Focus groups are great for testing new business, product or service ideas, and gaining in-depth information on perceptions, insights, attitudes, experiences, or beliefs by a group of people. The biggest limitation with focus groups are usually time and resources, as they require planning logistics, coordinating schedules, and facilitating in realtime.

3. One-on-One customer interviews

One-on-one customer interviews are similar to focus groups, but rather than facilitating a discussion with a group of people, a facilitator (or an interviewer) is asking questions and facilitating discussion with one customer at a time.

One-on-one customer interviews are great for digging deeper into how the customer feels about their experience with your product or service, and can be an effective way to identify new or unaddressed urgent and expensive problems.

Similar to focus groups, one-on-one customer interviews are time-intensive and require scheduling and coordination with the customer.

There are several ways you can encourage your customers to participate in the feedback process like offering incentives or making it quick and easy (like adding an easy-to-access form on various pages of your website).

The best way to ensure you get responses? Ask your customers directly, tell them why it matters, and tell them what you plan to do with the information (improving their product, service, experience, for example).

people meeting outside

How often should you ask your customers for feedback?

You don’t want to bombard your customers with feedback surveys and constant requests for information. Don’t forget – they’re busy too!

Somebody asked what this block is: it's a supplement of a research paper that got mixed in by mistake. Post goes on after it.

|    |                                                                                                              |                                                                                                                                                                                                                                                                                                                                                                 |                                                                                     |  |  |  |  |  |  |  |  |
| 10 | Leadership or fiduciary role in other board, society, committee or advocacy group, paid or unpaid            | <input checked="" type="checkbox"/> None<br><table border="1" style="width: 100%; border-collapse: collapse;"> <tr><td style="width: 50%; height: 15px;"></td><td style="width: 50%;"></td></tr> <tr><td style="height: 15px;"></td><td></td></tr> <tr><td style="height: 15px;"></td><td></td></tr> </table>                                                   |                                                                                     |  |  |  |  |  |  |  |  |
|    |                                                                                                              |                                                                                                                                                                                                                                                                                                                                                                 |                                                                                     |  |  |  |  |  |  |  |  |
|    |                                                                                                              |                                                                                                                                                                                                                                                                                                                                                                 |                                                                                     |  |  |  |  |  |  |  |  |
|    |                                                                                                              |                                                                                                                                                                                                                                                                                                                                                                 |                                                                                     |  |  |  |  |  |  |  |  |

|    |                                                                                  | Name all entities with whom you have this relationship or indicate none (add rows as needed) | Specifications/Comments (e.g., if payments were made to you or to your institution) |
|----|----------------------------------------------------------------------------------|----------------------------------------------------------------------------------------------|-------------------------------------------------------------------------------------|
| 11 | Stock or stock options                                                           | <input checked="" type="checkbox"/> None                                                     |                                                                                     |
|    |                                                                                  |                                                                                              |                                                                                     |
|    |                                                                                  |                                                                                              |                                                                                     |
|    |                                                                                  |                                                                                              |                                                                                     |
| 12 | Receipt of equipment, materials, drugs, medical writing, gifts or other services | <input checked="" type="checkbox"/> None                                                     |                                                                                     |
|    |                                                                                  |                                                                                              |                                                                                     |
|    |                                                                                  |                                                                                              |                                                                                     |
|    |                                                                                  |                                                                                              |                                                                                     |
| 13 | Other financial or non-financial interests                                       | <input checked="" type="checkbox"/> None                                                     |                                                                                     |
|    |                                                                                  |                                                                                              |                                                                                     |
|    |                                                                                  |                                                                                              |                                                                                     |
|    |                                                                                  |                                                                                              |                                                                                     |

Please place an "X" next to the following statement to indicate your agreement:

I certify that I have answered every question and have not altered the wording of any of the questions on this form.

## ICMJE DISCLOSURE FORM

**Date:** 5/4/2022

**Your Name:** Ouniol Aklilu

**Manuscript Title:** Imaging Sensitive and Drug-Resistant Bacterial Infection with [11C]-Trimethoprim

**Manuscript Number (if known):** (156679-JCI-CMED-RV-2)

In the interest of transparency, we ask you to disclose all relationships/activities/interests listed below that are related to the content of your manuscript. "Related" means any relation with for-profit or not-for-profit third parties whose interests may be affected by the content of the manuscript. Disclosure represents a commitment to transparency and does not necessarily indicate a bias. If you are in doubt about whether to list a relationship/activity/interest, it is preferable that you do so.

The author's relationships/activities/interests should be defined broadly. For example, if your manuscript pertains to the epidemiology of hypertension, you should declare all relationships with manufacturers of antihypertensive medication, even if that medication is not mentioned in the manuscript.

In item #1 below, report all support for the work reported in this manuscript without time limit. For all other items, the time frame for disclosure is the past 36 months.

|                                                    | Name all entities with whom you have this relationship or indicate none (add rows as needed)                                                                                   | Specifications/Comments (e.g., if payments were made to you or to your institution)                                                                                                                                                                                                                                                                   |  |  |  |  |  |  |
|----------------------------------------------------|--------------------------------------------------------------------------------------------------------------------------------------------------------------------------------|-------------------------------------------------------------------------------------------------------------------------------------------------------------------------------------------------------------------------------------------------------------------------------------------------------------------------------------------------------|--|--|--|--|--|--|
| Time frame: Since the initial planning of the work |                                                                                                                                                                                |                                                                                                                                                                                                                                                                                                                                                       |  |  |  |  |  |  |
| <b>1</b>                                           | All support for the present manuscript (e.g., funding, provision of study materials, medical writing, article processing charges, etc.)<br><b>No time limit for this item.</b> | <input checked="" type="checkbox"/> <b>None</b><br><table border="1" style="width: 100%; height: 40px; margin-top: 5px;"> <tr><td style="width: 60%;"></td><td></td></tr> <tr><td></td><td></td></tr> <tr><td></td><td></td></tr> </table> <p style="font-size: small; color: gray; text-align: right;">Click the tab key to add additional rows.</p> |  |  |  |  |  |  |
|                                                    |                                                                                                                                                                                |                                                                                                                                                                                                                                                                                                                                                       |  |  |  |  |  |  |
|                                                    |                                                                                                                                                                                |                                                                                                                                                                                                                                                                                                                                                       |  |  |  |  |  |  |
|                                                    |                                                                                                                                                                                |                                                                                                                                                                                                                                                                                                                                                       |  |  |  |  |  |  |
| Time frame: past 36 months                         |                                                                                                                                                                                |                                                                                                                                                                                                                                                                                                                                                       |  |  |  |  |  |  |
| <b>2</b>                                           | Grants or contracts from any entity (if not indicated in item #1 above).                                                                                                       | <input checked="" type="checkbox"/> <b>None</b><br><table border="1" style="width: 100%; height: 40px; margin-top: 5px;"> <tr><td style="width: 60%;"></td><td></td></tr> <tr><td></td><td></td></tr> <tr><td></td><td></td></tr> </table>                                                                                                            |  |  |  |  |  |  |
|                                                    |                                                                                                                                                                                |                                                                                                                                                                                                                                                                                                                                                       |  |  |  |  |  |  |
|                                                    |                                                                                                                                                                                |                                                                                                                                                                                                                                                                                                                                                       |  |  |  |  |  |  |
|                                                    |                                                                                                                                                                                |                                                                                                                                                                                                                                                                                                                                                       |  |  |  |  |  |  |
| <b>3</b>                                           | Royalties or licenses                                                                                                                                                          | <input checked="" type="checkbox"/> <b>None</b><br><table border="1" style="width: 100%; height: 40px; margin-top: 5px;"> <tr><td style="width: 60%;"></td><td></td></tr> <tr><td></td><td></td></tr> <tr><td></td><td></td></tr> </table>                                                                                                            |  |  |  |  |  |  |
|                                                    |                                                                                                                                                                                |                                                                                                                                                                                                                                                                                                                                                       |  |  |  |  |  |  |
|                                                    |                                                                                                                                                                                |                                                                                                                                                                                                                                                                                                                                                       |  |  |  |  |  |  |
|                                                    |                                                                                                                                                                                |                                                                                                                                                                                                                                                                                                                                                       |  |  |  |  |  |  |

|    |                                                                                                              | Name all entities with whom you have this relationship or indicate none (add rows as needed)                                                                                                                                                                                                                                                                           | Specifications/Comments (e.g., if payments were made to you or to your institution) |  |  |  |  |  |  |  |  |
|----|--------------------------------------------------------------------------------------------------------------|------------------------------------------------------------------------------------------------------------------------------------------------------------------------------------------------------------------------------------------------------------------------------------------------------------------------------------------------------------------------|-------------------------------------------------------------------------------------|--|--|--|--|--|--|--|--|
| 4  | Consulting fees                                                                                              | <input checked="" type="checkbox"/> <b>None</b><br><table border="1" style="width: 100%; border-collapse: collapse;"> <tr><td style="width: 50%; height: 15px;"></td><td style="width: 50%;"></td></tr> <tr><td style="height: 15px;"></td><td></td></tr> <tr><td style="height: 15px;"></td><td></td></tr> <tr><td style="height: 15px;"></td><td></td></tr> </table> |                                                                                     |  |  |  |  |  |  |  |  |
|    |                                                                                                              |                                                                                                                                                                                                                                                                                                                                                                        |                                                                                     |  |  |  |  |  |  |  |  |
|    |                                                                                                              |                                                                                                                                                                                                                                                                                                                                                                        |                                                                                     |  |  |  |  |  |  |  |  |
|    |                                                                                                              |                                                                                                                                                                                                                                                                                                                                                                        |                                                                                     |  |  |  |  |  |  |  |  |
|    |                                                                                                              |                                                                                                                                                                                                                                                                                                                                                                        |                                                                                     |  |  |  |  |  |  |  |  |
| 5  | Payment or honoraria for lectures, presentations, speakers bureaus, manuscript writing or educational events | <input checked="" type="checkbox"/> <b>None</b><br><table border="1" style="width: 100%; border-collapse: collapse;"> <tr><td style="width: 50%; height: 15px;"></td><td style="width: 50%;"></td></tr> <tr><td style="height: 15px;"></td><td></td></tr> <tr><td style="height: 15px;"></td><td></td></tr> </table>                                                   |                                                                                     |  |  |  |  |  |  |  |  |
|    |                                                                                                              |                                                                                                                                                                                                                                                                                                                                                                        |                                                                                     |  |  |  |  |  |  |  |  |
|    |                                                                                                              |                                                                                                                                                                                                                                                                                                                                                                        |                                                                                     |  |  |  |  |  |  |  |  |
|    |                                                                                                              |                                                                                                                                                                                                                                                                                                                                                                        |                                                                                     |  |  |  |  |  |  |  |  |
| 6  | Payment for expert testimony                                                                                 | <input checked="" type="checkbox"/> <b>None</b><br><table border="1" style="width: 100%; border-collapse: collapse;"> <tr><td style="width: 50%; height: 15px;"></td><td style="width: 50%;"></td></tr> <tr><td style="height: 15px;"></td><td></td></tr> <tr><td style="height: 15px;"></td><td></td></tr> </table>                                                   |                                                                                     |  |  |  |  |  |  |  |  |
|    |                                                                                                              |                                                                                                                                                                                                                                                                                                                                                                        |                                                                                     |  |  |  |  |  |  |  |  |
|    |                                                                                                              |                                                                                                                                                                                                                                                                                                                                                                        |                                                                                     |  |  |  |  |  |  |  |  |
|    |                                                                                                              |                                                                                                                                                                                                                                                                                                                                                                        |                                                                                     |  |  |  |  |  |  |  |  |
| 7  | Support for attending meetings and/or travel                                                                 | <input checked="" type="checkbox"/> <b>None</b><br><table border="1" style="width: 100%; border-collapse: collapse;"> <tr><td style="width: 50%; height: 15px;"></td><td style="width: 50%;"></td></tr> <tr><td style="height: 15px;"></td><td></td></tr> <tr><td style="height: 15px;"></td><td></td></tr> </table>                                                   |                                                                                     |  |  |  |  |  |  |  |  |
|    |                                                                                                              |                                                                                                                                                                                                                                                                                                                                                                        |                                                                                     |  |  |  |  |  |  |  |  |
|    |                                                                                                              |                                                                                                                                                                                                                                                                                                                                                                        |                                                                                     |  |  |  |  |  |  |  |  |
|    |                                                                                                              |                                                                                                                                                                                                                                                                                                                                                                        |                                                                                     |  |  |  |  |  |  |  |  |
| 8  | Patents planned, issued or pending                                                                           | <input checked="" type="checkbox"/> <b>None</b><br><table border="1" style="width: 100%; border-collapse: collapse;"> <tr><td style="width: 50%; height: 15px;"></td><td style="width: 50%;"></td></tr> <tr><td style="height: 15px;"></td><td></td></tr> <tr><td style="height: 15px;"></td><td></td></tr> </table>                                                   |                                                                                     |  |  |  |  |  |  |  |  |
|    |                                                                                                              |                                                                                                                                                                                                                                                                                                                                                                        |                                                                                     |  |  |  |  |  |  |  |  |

If you have regular contact with your customers, seeking feedback once every six months is the ideal time period, however this is totally dependent on what type of feedback you’re looking for and what type of engagement you have with your customer.

If you lose a customer, that can also be a trigger for when you should reach out for feedback.

NOTE: if you are creating new products or services, talk to your customers FIRST! Don’t spend the time and resources developing a solution without having proof that it’s going to solve an URGENT and EXPENSIVE problem for your customer!

GROW YOUR BUSINESS BY REDUCING CHURN Learn 10 Ways to Reduce Your Customer Churn Today!   

How to use your customer feedback to grow your business

Customer feedback is useful in a variety of situations, but four scenarios we see that require lower effort and have high rewards are:

  • Improving your products or services
  • Improving the customer experience
  • Increasing customer loyalty
  • Increasing customer retention

Your customers know what they want, and they’re not shy about expressing their needs. If a car dealership hears that their customers want more personalized options, then why not expand the sales approach? Similarly, if the customers complain about post-sale service, improving communication and being more proactive can help keep them satisfied.

There’s a lot of information out there about customer feedback, but what it really comes down to is this: if you want to improve your business and grow as a company, then you need to know what your customers think.

And the best way to do that is by asking them!